B-Girls: Trouble Brewing in Juneau

The first hint that B-girls were in for trouble came in 1957. Alaska statehood was still two years away (the State of Alaska didn’t exist until January 3, 1959). But the Territorial Liquor Control Board was starting to hear the winds of comprehensive reform. At the time, most cities in Alaska had banned the practice. But it flourished at clubs just outside the city limits. All previous initiatives to enact a statewide ban had gone nowhere. Some business interests, it seemed, were loath to act against their fellow entrepreneurs.


But then there was this little tidbit in the Fairbanks Daily News Miner, dated March 8, 1957. Trouble was brewing.

Fairbanks Daily News Miner, March 8, 1957.

Still, things didn’t exactly jump out of the gates. The Territorial Liquor Control Board didn’t schedule a hearing until January 25, 1958. And then only to “discuss the proposed legislation.” The forces that had thwarted a move against the B-girls had a notable patron in Territorial attorney general J. Gerald Williams (derisively known as Playboy Jerry). The hold up, such as it was, focused on the inequities. The liquor folks wanted to deny the New Reno club, on the outskirts of Anchorage, the ability to renew its beverage license. They hadn’t denied others of its ilk, so the reasoning went. To which Playboy Jerry added:

“If someone is crazy enough to spend $300 for champagne in one of these places, you’ve got to assume he knew what he was getting into.”

J. Gerald Williams, Alaska Territorial Attorney General
J. Gerald Williams (l) in Hoonah, Alaska
(where he worked as a schoolteacher)

A bill to ban the practice failed in the 1957 Legislature. But this time Williams was up against another force. His was the sole vote on the Board of Liquor Control to disapprove of the draft regulation. It was a start. The Board would next hear from members of the liquor advisory boards stretched out across the state. That was a holding action. But was trouble finally starting to sing another tune?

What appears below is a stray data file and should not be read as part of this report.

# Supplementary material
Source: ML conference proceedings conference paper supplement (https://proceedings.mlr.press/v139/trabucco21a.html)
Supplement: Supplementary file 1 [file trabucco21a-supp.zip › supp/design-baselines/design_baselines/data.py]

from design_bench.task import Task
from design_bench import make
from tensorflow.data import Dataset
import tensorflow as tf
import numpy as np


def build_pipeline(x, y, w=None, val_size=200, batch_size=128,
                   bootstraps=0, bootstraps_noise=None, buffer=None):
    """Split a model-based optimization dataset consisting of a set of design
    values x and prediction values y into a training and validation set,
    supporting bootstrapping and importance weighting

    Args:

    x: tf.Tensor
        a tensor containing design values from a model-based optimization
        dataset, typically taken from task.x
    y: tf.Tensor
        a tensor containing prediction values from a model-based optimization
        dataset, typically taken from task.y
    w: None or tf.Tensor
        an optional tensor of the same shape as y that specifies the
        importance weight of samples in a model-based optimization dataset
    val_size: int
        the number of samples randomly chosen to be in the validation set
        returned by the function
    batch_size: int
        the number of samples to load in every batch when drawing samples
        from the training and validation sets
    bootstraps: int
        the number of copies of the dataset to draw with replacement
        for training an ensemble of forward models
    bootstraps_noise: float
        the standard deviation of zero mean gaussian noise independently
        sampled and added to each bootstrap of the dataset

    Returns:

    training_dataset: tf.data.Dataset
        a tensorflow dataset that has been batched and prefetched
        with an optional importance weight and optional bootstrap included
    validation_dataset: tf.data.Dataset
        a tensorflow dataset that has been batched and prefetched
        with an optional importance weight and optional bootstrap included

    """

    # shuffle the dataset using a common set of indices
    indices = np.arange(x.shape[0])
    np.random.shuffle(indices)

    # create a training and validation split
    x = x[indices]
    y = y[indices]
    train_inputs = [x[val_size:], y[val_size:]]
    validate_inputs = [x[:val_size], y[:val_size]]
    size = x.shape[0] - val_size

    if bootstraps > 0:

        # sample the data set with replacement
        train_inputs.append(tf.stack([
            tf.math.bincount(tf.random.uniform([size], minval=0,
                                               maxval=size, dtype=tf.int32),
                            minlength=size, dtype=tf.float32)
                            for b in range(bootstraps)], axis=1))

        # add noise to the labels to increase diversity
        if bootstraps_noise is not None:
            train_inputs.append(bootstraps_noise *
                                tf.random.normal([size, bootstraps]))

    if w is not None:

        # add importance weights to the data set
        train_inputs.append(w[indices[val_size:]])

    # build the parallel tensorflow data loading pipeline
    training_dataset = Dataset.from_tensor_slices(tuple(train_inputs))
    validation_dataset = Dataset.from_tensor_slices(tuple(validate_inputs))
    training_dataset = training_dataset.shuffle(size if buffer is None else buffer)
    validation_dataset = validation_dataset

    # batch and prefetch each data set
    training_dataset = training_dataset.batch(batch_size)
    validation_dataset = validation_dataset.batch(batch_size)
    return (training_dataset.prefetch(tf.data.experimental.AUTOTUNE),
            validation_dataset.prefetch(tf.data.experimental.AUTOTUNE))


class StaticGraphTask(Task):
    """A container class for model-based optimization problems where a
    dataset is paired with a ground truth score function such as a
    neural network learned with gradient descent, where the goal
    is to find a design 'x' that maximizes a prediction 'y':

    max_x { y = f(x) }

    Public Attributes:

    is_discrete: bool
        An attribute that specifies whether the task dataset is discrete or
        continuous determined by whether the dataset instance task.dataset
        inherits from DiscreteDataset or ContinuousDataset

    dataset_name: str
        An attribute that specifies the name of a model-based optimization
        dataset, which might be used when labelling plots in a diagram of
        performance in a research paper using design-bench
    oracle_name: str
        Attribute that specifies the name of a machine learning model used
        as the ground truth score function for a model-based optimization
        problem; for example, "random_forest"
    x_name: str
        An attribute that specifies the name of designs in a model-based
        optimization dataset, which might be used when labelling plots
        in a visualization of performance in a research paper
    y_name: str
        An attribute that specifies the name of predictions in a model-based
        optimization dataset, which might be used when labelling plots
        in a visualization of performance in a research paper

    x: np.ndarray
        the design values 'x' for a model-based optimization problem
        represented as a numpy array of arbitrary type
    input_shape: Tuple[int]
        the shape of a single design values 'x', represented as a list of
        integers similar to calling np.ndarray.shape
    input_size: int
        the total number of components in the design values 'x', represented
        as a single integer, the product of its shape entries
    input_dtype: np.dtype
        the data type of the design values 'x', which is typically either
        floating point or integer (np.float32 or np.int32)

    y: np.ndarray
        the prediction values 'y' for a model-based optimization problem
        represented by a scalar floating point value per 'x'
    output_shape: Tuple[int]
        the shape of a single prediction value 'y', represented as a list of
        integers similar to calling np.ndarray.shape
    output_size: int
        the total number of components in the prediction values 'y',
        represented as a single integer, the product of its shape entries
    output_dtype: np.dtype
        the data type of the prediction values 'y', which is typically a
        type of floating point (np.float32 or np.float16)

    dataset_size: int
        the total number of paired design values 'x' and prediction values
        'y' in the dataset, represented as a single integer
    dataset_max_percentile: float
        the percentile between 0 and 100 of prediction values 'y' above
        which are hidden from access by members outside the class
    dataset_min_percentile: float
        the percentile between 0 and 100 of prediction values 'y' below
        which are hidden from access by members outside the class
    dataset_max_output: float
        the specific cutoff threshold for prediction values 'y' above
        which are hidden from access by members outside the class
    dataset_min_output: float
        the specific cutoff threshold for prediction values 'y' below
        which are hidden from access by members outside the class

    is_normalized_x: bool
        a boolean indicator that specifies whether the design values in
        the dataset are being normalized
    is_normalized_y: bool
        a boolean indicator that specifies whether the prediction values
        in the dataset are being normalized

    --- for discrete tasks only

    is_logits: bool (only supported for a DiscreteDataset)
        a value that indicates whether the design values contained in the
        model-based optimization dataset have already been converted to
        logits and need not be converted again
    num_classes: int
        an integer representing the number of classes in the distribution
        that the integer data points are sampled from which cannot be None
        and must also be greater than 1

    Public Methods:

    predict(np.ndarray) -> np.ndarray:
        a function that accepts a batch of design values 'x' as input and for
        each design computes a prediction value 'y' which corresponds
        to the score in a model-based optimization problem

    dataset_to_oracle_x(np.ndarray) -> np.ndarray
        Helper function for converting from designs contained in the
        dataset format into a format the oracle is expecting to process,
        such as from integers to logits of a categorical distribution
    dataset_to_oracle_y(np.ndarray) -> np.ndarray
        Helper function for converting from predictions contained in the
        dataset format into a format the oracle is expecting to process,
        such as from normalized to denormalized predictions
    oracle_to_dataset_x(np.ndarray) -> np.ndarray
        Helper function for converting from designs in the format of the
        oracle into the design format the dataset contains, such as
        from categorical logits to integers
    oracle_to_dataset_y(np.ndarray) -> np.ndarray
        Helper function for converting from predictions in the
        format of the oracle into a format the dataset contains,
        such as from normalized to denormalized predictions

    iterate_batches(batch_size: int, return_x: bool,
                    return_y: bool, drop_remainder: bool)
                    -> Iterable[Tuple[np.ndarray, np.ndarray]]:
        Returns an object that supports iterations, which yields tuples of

In it’s January 1958 meeting, the Liquor Board postponed its B-girl regulation until February. Something about the Governor being called to Washington, D.C. In the meantime, they granted a license to the Pulp Club, a roadhouse at Mile 2 near Sitka. Wait… A roadhouse conveniently located near the Sitka Pulp Mill? Hmmm. Did they sell champagne?

Sitka Pulp Mill, 1960 (courtesy U.S. Forest Service)

It wasn’t until March of 1959 that Alaska lawmakers decided to move on the B-girl question. Alaska was now a State and it was the State Legislature who took notice. In a vote of 39-1, the House passed a bill forbidding women to be employed in Alaska’s night spots “for the purpose of encouraging customers to purchase drinks.”

By the end of the March, the full legislature had passed the B-girl bill. There was at least one loophole. The bill specifically exempted entertainers, as well as those hired to serve liquor and other “bona fide” nightclub employees. Equally interesting were the comments of the lone dissenter. We give State Representative R.E. Sheldon of Fairbanks the last word.

R.E. “Bobby” Sheldon
(courtesy Alaska State Library)

Sheldon argued they should leave the B-girls alone. They were the historical offspring, he said, of the dance hall women of pioneer Alaska. And those very women are, Sheldon added, “among our leading citizens and grandmothers today.”

Copyright Leland E. Hale (2021). All rights reserved.


Purchase Butcher, Baker

Order my latest book, “What Happened In Craig,” HERE and HERE. True crime from Epicenter Press about Alaska’s Worst Unsolved Mass Murder.


1 thought on “B-Girls: Trouble Brewing in Juneau”

Leave a Reply

Your email address will not be published. Required fields are marked *